Posted in: Review

The Dead Lands

The Dead Lands, an import from New Zealand, is a breath of fresh air. It’s got enough hardcore action to please the most dedicated of fight fans, yet the film is far from empty-headed. There’s a cultural element to the story that sets it apart from other action pictures of this variety. If you’re in the mood to watch people beating the stuffing out of one another, you’ll get your money’s worth here. If you like some substance with your fisticuffs, you’ll get your money’s worth, and then some.

The movie tells the story of Hongi (James Rolleston), the son of a Maori chieftain. His people are slaughtered by a rival tribe, led by the villainous Wirepa (Te Kohe Tuhaka). Hongi knows that he must avenge this act. He makes the risky decision of following Wirepa through a treacherous area known as “The Dead Lands,” which is rumored to be the stomping grounds of an undefeatable monster. Hongi meets that “monster,” a fearless fighter known as “the Warrior” (Lawrence Makoare) with a vested interest in keeping other tribes too frightened to set foot on his land. The two strike up a somewhat tenuous partnership that leads to significant bloodshed.

As a revenge thriller, The Dead Lands works extremely well. Director Toa Fraser gives the movie a tight pace, staging the action scenes with raw intensity. He avoids the temptation to over-stylize the violence, instead focusing on the brutality of hand-to-hand combat and close-range weapons. There are several hardcore fight sequences scattered throughout, all of which are shot in such a way that you can observe the intricate choreography, while simultaneously getting a thrill from their primal power. Hongi’s peril is always made clear, as he’s smaller and less outwardly fearsome than Wirepa and his men, which gives every battle a sense of meaning. That contrasts nicely with the Warrior, who psychologically intimidates his opponents before delivering a devastating beat-down. The Dead Lands culminates with a big battle at an outdoor fortress that pulls out all the stops.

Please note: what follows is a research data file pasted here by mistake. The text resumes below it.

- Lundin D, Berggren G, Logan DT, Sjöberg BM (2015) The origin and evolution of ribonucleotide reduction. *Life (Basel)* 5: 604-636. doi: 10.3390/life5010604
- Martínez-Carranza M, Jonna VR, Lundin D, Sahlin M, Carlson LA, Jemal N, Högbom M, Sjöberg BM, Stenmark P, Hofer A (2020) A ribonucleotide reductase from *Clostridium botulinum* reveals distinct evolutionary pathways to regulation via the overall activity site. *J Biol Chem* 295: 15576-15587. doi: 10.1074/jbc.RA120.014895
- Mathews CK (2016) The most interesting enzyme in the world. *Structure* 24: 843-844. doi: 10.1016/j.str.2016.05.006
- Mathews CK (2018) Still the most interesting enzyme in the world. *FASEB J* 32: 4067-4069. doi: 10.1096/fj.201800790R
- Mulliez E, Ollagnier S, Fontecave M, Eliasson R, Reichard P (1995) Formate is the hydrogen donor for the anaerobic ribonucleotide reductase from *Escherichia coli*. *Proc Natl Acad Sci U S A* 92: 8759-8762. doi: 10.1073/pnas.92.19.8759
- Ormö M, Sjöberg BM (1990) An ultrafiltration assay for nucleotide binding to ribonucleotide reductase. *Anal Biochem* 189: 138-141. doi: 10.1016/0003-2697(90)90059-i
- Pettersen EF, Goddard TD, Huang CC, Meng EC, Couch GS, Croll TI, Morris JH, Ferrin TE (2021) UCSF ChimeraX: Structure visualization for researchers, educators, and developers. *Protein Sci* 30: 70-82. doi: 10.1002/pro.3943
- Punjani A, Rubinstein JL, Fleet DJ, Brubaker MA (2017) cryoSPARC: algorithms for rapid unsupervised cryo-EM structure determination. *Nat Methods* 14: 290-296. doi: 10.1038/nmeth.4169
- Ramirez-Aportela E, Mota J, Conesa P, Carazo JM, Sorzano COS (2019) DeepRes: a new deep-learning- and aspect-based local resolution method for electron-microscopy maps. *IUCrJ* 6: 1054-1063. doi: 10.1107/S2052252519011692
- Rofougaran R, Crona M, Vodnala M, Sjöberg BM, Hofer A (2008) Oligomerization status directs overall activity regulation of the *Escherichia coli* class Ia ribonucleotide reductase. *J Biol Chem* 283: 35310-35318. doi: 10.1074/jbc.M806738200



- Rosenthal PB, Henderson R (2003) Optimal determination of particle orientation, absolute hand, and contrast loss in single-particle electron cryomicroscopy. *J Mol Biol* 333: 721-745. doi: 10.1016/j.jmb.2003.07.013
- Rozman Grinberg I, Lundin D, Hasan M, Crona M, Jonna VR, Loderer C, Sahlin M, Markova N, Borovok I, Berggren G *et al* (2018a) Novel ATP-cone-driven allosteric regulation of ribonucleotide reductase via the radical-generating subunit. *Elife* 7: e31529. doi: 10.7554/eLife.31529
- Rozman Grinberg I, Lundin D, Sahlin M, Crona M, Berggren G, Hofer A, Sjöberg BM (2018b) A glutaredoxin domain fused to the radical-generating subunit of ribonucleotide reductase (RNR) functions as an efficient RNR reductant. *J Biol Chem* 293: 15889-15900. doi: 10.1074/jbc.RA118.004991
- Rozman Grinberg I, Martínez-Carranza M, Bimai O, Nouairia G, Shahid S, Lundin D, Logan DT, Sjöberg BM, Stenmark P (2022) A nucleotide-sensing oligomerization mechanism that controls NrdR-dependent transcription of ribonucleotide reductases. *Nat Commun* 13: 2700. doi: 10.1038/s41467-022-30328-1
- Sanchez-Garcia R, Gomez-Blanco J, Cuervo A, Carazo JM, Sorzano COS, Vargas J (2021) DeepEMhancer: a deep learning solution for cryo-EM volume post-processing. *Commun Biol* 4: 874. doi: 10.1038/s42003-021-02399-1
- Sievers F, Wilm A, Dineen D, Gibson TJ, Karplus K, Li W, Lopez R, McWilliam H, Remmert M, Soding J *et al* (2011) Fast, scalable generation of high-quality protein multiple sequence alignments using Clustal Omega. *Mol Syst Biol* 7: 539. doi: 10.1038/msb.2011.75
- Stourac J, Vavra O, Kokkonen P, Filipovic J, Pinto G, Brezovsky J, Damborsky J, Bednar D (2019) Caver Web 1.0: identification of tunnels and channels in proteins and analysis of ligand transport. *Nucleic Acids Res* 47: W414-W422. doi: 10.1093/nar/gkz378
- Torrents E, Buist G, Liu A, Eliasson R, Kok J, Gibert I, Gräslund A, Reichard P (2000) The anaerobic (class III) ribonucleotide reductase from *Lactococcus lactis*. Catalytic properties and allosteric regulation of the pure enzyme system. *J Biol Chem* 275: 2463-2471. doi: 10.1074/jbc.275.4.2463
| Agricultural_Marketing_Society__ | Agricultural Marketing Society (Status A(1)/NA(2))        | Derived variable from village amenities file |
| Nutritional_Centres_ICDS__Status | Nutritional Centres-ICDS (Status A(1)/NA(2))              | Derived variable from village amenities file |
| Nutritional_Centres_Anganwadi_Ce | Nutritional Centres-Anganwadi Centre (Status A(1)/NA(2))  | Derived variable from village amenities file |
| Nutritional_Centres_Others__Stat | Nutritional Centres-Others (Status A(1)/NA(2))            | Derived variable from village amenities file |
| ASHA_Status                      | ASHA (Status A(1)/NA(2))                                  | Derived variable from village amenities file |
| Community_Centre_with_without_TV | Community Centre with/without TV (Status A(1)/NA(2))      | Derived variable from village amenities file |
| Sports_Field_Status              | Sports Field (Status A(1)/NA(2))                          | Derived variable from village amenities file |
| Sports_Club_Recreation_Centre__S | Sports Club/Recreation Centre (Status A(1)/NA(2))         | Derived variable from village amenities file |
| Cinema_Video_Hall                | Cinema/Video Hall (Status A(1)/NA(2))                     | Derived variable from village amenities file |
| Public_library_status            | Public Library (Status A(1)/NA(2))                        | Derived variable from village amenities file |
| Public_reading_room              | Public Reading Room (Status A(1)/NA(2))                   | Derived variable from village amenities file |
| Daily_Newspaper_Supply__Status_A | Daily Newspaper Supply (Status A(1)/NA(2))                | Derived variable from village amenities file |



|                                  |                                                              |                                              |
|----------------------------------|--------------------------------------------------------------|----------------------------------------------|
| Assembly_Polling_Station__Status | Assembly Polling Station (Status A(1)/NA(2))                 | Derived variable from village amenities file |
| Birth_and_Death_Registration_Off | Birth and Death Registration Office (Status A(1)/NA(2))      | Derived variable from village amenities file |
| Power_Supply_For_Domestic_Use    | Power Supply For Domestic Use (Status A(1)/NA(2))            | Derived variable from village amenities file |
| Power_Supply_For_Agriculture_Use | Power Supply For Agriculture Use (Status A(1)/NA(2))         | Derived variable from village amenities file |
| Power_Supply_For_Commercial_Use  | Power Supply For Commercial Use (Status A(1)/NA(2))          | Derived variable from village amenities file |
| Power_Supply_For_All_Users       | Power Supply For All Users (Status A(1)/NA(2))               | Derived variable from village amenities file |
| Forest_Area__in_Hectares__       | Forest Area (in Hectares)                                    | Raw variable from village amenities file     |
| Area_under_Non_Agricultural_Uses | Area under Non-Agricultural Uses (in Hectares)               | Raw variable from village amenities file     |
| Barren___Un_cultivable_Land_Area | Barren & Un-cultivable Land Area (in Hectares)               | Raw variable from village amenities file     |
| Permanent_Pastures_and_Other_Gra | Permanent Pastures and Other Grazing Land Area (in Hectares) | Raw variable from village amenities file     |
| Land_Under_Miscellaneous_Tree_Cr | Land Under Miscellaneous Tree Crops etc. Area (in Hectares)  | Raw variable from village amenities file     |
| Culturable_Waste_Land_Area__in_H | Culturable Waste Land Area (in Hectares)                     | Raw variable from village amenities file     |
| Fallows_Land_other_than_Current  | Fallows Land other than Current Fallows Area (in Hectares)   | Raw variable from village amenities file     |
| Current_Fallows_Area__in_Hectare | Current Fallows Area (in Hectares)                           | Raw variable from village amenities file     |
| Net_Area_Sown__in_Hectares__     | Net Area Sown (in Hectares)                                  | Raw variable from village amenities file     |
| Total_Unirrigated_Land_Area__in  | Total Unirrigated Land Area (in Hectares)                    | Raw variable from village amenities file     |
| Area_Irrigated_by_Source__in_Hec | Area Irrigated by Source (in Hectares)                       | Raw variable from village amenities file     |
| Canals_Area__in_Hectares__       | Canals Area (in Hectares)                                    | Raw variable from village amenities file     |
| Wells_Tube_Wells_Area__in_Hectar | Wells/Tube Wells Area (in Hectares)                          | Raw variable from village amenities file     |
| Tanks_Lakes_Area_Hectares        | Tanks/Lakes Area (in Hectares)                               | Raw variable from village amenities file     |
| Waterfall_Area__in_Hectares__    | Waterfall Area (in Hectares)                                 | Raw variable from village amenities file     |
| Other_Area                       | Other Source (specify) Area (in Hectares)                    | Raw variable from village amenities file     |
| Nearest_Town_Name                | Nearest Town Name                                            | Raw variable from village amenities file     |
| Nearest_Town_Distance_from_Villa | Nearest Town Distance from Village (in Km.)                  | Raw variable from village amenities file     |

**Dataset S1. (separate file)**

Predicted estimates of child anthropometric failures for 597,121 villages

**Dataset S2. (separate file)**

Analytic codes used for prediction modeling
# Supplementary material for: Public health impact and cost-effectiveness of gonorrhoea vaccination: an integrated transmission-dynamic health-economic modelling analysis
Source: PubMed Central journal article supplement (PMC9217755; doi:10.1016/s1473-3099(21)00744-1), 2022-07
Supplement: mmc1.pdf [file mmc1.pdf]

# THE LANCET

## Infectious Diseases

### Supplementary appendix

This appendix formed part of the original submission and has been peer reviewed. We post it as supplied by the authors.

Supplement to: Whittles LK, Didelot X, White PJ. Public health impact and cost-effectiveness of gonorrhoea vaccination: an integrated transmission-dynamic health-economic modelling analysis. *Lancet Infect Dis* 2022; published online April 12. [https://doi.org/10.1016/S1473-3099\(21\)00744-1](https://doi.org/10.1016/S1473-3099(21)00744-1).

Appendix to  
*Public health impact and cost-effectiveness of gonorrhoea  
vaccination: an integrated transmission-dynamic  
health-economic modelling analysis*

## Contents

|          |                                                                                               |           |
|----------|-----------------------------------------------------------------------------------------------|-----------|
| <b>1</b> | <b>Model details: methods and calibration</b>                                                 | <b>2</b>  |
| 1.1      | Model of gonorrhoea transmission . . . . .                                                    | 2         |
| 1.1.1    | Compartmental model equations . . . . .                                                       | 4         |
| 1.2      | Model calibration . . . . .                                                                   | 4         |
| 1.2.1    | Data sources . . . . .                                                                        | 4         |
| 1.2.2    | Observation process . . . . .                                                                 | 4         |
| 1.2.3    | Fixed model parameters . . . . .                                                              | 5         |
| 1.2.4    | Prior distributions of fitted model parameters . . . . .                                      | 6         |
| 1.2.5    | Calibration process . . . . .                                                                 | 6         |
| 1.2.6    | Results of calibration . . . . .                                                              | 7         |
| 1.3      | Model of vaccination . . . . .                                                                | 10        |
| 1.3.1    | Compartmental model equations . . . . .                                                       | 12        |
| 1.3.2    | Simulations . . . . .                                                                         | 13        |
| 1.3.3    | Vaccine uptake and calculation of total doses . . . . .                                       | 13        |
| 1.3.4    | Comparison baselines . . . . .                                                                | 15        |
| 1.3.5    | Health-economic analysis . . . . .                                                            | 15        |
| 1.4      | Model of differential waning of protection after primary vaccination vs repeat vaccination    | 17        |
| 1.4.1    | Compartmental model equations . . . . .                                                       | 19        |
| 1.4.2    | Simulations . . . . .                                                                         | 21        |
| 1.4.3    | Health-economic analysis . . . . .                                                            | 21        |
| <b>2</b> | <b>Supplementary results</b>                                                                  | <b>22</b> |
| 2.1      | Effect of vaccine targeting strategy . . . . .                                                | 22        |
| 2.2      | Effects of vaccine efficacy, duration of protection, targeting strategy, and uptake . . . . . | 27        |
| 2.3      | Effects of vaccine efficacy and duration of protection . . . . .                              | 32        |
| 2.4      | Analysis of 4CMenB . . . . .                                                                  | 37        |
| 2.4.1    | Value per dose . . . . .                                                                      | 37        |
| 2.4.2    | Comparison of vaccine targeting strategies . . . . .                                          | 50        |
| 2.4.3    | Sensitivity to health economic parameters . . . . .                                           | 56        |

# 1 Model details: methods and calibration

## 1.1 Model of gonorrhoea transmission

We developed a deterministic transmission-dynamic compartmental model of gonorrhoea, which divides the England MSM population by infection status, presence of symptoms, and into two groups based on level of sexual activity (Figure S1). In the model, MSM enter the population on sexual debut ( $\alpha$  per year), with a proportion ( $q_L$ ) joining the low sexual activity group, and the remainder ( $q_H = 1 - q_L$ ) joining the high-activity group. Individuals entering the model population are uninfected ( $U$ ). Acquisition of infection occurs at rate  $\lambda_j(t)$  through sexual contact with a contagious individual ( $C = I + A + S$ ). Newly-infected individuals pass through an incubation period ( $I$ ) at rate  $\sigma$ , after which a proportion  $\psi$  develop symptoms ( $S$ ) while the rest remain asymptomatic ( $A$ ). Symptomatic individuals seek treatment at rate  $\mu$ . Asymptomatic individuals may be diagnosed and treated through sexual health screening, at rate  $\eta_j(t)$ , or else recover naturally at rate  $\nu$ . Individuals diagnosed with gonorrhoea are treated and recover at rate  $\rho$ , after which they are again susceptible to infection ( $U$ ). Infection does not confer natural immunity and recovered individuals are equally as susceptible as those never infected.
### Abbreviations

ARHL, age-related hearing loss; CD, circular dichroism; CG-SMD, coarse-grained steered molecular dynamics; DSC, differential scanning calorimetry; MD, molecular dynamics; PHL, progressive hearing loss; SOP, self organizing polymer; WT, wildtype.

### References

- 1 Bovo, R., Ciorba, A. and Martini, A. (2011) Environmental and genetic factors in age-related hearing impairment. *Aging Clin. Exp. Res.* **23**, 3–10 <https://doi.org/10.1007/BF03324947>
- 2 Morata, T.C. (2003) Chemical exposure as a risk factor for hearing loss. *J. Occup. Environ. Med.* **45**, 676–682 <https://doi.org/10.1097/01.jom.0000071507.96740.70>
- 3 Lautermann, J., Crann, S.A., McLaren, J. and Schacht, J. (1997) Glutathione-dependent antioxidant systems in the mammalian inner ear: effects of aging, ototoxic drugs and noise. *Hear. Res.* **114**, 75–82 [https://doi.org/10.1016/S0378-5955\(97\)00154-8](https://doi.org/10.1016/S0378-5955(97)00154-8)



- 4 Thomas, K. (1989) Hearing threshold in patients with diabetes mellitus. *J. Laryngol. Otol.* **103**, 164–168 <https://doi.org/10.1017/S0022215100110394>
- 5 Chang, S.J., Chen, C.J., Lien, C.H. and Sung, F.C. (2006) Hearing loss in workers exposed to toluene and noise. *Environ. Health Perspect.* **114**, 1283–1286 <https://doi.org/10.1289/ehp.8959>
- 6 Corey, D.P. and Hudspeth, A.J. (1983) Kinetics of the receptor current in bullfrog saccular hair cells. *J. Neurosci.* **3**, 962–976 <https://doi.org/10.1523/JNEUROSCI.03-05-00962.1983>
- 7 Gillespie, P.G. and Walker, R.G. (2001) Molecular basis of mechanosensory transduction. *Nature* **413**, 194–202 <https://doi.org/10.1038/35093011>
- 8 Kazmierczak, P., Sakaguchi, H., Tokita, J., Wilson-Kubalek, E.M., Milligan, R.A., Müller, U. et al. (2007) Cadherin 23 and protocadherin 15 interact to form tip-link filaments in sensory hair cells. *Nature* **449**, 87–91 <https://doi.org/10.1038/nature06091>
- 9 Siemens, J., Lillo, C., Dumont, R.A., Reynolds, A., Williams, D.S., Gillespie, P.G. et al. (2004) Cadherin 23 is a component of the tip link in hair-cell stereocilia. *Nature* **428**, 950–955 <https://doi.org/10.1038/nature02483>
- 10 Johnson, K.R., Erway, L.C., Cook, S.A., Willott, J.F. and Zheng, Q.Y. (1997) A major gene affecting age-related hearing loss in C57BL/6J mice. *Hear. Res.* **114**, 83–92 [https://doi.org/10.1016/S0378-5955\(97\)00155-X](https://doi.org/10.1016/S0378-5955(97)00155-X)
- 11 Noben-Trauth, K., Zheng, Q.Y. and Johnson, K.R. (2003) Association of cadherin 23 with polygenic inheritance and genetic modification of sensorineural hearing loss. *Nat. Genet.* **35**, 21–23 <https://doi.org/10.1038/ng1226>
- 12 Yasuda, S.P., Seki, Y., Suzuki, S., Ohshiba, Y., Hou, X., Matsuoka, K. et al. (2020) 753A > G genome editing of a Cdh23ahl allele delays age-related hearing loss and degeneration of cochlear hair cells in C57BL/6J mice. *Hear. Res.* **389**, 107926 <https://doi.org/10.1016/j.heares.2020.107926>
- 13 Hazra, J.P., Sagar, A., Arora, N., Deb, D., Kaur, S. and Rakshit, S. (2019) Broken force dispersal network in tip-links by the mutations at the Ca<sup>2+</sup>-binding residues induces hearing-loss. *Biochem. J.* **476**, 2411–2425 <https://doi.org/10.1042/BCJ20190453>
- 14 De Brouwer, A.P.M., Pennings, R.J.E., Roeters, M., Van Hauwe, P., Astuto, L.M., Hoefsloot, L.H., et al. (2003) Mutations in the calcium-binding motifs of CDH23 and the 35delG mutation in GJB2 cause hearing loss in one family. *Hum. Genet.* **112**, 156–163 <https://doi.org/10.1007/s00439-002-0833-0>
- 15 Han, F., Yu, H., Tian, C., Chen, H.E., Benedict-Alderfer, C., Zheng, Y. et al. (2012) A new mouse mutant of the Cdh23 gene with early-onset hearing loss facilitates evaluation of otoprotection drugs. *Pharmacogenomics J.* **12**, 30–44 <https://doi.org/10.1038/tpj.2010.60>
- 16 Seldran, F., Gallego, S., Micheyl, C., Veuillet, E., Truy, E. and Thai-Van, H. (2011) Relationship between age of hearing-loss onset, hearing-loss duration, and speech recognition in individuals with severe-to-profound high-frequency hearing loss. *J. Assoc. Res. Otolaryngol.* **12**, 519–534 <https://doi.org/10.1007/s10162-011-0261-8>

What makes the movie special, though, is that it goes beyond mere tropes. A lot of revenge stories stop at “You killed my [fill in the blank], so now I must kill you!” The Dead Lands takes that a step further by including very specific details about tribal customs and Hongi’s need to honor his ancestors. Our hero isn’t merely seeking to get even; he’s trying to restore dignity and glory to his people, who have suffered a grave injustice. Because of their belief in an afterlife, he knows they are watching him from somewhere else, waiting for him to strike back on their behalf. His motivation comes from feeling the weight of that responsibility. Some of the most interesting scenes in the film find Hongi getting advice from his late grandmother, who appears to him in a celestial setting. Material like this helps to set The Dead Lands apart and give it a unique, meaningful twist.

For all the good stuff on display here, it’s hard to escape the thought that the movie would have played even more strongly than it does with some increased development of Hongi and his tribe before the massacre. This event happens almost right from the start — in the first ten minutes, in fact. Having more of a sense of their community might have maximized our emotional investment in the perilous journey Hongi embarks upon. There’s also a mini-subplot about a female warrior that feels slightly undercooked. An interesting seed is here, but not enough is done with it.

Even with a few minor issues, The Dead Lands is largely an entertaining action film that’s just offbeat enough to stand out. The performances, production design, and screenplay go to great lengths to be convincing, and it works; the movie implants you in another culture for two hours. Here’s more proof that action pictures are best when they forge a path all their own.

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